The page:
- By Thomas E. RicksThomas E. Ricks covered the U.S. military for the Washington Post from 2000 through 2008. He can be reached at firstname.lastname@example.org.
U.S. Air Force photo by Tech. Sgt. Francisco V. Govea II/ Released
Taking life-saving measures on behalf of a MWD is something all handlers prepare for before they deploy, as do their dogs. Handlers’ veterinary knowledge should extend beyond the basics of day-to-day care, and they are trained to do things like administer IVs, identify the onset of shock and poisonous bites, set broken bones, and bandage bullet wounds, among other specialized care that may be necessary in combat theater.
So, when handlers — and the community of servicemen and women who support them outside the wire — say that a MWD is treated like any other soldier or Marine in their ranks, they not only mean it, they practice for it.
In February, Ted, a yellow Labrador retriever and bomb specialist, and his handler U.S. Army Sgt. Leslie Langford, along with others at the Joint Readiness Training Center at Fort Polk, LA, practiced combat patient care and “aeromedical evacuation in a simulated combat environment.”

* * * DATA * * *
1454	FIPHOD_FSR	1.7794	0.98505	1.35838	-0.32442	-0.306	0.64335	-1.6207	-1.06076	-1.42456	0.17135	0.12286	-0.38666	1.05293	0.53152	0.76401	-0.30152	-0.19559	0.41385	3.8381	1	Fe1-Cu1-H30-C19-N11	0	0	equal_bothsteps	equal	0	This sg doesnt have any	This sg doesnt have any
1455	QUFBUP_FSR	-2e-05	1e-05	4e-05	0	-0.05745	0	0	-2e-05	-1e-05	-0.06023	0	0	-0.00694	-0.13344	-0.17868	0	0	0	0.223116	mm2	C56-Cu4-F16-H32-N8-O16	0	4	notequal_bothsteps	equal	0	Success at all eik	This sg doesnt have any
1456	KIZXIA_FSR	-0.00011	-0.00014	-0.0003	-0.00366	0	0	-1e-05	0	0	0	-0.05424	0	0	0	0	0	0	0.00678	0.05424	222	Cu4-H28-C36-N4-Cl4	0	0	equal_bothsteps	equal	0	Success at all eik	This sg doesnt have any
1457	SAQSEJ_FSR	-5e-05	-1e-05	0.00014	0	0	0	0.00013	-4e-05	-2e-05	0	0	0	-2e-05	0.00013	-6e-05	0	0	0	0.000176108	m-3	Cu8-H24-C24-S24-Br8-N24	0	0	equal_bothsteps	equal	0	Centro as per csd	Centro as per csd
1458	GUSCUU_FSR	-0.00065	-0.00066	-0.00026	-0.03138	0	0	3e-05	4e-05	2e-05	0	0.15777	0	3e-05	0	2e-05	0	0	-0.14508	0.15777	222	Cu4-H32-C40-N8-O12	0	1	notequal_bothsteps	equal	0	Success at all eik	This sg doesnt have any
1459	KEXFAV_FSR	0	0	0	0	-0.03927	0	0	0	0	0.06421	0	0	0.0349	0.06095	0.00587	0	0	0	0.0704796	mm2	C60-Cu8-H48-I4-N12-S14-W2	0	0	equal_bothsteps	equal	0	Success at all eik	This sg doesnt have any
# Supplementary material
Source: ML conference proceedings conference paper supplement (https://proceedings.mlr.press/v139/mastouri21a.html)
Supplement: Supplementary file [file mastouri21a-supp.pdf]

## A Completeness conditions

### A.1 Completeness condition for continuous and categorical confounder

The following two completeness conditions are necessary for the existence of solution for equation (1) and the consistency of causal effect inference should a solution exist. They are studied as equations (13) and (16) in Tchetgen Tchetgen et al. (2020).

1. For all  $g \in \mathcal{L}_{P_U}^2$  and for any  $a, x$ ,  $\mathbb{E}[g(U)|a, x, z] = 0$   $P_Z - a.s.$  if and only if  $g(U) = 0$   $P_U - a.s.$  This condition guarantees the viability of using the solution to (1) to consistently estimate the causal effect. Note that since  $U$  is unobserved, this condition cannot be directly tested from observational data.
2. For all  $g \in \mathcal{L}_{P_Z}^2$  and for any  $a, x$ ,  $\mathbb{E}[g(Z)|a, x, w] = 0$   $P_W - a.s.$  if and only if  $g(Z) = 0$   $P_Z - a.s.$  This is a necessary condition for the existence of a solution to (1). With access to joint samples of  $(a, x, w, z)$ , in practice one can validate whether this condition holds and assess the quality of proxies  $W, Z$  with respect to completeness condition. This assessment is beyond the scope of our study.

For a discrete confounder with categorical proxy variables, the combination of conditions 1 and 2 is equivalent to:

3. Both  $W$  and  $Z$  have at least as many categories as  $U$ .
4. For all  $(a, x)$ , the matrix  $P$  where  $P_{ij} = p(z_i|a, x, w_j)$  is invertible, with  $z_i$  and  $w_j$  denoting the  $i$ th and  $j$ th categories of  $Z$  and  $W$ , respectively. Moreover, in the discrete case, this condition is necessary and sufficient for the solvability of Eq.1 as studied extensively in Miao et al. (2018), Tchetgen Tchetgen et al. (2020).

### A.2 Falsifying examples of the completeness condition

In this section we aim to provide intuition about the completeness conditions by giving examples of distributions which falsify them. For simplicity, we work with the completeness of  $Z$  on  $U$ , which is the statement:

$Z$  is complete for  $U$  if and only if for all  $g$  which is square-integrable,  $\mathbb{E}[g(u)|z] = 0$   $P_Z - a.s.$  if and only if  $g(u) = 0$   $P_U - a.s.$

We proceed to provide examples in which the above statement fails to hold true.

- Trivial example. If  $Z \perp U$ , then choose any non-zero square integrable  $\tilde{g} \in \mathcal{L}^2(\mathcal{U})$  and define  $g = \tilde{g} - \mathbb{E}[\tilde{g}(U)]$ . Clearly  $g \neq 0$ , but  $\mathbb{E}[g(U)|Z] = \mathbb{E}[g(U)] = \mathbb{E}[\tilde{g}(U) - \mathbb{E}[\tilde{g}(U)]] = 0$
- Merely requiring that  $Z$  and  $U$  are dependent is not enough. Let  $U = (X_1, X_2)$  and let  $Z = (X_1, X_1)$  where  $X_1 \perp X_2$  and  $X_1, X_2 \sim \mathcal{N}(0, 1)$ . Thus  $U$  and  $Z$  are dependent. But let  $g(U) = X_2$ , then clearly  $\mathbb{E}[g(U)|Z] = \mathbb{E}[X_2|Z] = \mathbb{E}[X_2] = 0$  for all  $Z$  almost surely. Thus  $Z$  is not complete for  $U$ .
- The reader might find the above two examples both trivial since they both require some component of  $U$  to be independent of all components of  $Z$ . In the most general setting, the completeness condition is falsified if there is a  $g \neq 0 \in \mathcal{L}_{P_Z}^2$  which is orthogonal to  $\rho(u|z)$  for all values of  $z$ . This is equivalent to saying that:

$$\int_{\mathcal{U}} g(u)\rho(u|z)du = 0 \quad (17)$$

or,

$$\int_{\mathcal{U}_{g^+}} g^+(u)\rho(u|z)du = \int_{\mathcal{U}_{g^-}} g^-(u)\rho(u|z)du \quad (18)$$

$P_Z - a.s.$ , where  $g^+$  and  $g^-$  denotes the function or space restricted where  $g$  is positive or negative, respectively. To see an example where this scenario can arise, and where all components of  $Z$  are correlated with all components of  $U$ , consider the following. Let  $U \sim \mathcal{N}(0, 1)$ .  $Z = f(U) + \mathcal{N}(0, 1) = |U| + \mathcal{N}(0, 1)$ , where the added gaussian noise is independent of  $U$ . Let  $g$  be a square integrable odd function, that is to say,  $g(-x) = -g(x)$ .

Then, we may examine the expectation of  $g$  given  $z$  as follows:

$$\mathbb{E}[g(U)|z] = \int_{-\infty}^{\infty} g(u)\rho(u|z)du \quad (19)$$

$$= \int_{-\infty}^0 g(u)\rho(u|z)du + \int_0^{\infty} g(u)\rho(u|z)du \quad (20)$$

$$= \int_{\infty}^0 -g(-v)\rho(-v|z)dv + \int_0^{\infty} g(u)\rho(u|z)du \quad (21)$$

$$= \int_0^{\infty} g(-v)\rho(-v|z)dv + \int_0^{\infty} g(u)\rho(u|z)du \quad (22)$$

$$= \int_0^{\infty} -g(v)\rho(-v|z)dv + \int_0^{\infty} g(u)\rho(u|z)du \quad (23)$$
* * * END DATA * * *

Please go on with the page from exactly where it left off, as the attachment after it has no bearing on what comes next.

U.S. Air Force photo by Tech. Sgt. Joselito G. Aribuabo
The training consisted of what appears to have been a variety of simulated injuries — human and canine alike. Together, Ted and Sgt. Langford endured a host of training exercises that included X-rays, having his leg set in a splint, and a litter carry to a Black Hawk helicopter.
Along with MWD Ted and Sgt. Langford from the 550th Military Working Dog Detachment out of Fort Bragg, the servicemen and women participating in these exercises were medical personnel (including veterinarians) attached 328th Combat Support Hospital among others.
U.S. Air Force photo by Tech. Sgt. John R. Nimmo, Sr
Almost as important as defaulting to the proper motions of emergency care is preparing for the momentum of adrenaline and stress that builds during a combat crisis. A handler has to know how his or her dog will react under strain, to be braced for it, to be practiced at it as a team. From the photos — especially this one — it looks like Ted tolerated the chaos and the discomfort, if begrudgingly.
Rebecca Frankel is away from her FP desk, working on a book about dogs and war.